Is the ‘new’ strategic planning suited to coping with the issues of globalization?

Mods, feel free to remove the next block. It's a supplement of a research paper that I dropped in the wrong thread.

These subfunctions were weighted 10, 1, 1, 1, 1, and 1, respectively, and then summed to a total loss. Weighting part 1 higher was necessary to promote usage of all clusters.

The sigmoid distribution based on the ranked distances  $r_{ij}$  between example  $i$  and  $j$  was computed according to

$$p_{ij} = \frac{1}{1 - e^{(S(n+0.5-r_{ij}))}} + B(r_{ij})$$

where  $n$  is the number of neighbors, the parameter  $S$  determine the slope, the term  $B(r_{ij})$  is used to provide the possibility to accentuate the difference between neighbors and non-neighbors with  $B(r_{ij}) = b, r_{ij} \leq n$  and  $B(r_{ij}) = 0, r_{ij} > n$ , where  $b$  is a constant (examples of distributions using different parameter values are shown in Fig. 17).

The autobiography My Art, My Life is a richly revealing document by the painter Diego Rivera, who revolutionized modern mural painting and was the principal figure in launching the Mexican Renaissance. It is one of the frankest confessions I have ever read. The breadth of his sympathies, his vitality and his love for life run through his prose as it does through his paintings. It is Rivera’s apologia: a self-portrait of a complex and controversial personality. Perhaps the greatest artist the Americas have ever produced, Rivera tells the story of his intellectual and artistic journey. He introduces us to the masters and the ideology to which he was most drawn, his warm friendships and his bitter fights. What is the link here with globalization? Well, Rivera reveals that his real coming to maturity, to his own identity and style, coincided with his second return from Europe to his homeland in 1921. He stresses (p. 31) that ‘he who hopes to be universal in his art must plant in his own soil’ and ‘the more native the art is, the more it belongs to the entire world’. I would like to take these sentences as a starting point for my article. Only I won’t be talking about paintings and painters, but rather about planning approaches and the way they respond to the challenges and developments (also of globalization) faced by our cities and city-regions. My argument has five parts. First, I want to focus on the developments and challenges that our cities and city-regions are facing. Second, I will argue that a planning approach, in a sense like Rivera’s position, should be centred on the elaboration of a mutually beneficial dialectic between a response to globalization and local uniqueness. Third, I would like to consider an alternative planning approach that combines vision and action, the global and the local, diversity and specificity. Fourth, I want to reflect on what kind of governance is needed for such an approach. And finally, I will close with some comments on the contribution that planning and planners can make, along with a few remarks on growth fetishism.